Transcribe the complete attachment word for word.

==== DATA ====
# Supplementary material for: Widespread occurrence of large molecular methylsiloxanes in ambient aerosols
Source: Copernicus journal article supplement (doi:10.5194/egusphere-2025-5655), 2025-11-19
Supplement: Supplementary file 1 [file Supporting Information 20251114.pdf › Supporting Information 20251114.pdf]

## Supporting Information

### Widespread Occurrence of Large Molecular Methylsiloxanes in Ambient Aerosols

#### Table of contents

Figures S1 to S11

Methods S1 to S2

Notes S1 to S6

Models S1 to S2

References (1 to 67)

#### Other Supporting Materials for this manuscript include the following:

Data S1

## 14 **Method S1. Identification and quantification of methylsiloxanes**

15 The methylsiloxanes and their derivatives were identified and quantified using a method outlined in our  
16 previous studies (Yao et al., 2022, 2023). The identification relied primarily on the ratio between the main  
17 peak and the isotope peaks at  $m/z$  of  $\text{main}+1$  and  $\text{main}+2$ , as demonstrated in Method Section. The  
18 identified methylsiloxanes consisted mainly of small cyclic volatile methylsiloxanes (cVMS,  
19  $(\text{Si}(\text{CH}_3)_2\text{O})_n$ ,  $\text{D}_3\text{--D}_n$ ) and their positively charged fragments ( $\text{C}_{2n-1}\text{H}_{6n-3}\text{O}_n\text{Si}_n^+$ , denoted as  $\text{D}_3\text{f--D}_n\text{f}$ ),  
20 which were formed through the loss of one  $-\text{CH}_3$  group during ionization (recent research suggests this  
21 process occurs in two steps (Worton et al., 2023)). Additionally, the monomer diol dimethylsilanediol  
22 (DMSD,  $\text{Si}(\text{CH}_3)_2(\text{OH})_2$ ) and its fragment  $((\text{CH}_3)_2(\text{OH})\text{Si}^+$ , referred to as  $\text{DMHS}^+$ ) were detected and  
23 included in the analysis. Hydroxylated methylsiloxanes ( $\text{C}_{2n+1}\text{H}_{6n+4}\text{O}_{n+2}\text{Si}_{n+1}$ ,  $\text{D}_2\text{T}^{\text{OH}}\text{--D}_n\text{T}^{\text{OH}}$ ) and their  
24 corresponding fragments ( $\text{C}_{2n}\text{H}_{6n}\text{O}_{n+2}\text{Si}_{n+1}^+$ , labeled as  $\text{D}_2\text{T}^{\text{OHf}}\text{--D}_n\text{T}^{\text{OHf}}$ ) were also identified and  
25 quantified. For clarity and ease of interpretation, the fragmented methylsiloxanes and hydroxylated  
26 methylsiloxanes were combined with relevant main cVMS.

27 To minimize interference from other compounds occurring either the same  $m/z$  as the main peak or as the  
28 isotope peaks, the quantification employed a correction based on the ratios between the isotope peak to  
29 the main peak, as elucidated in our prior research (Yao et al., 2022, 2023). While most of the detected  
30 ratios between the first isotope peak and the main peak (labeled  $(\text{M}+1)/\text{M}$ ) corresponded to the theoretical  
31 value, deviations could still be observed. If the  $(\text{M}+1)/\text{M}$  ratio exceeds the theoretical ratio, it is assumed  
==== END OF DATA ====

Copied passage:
# Supplementary material for: Widespread occurrence of large molecular methylsiloxanes in ambient aerosols
Source: Copernicus journal article supplement (doi:10.5194/egusphere-2025-5655), 2025-11-19
Supplement: Supplementary file 1 [file Supporting Information 20251114.pdf › Supporting Information 20251114.pdf]

## Supporting Information

### Widespread Occurrence of Large Molecular Methylsiloxanes in Ambient Aerosols

#### Table of contents

Figures S1 to S11

Methods S1 to S2

Notes S1 to S6

Models S1 to S2

References (1 to 67)

#### Other Supporting Materials for this manuscript include the following:

Data S1

## 14 **Method S1. Identification and quantification of methylsiloxanes**

15 The methylsiloxanes and their derivatives were identified and quantified using a method outlined in our  
16 previous studies (Yao et al., 2022, 2023). The identification relied primarily on the ratio between the main  
17 peak and the isotope peaks at  $m/z$  of  $\text{main}+1$  and  $\text{main}+2$ , as demonstrated in Method Section. The  
18 identified methylsiloxanes consisted mainly of small cyclic volatile methylsiloxanes (cVMS,  
19  $(\text{Si}(\text{CH}_3)_2\text{O})_n$ ,  $\text{D}_3\text{--D}_n$ ) and their positively charged fragments ( $\text{C}_{2n-1}\text{H}_{6n-3}\text{O}_n\text{Si}_n^+$ , denoted as  $\text{D}_3\text{f--D}_n\text{f}$ ),  
20 which were formed through the loss of one  $-\text{CH}_3$  group during ionization (recent research suggests this  
21 process occurs in two steps (Worton et al., 2023)). Additionally, the monomer diol dimethylsilanediol  
22 (DMSD,  $\text{Si}(\text{CH}_3)_2(\text{OH})_2$ ) and its fragment  $((\text{CH}_3)_2(\text{OH})\text{Si}^+$ , referred to as  $\text{DMHS}^+$ ) were detected and  
23 included in the analysis. Hydroxylated methylsiloxanes ( $\text{C}_{2n+1}\text{H}_{6n+4}\text{O}_{n+2}\text{Si}_{n+1}$ ,  $\text{D}_2\text{T}^{\text{OH}}\text{--D}_n\text{T}^{\text{OH}}$ ) and their  
24 corresponding fragments ( $\text{C}_{2n}\text{H}_{6n}\text{O}_{n+2}\text{Si}_{n+1}^+$ , labeled as  $\text{D}_2\text{T}^{\text{OHf}}\text{--D}_n\text{T}^{\text{OHf}}$ ) were also identified and  
25 quantified. For clarity and ease of interpretation, the fragmented methylsiloxanes and hydroxylated  
26 methylsiloxanes were combined with relevant main cVMS.

27 To minimize interference from other compounds occurring either the same  $m/z$  as the main peak or as the  
28 isotope peaks, the quantification employed a correction based on the ratios between the isotope peak to  
29 the main peak, as elucidated in our prior research (Yao et al., 2022, 2023). While most of the detected  
30 ratios between the first isotope peak and the main peak (labeled  $(\text{M}+1)/\text{M}$ ) corresponded to the theoretical  
31 value, deviations could still be observed. If the  $(\text{M}+1)/\text{M}$  ratio exceeds the theoretical ratio, it is assumed  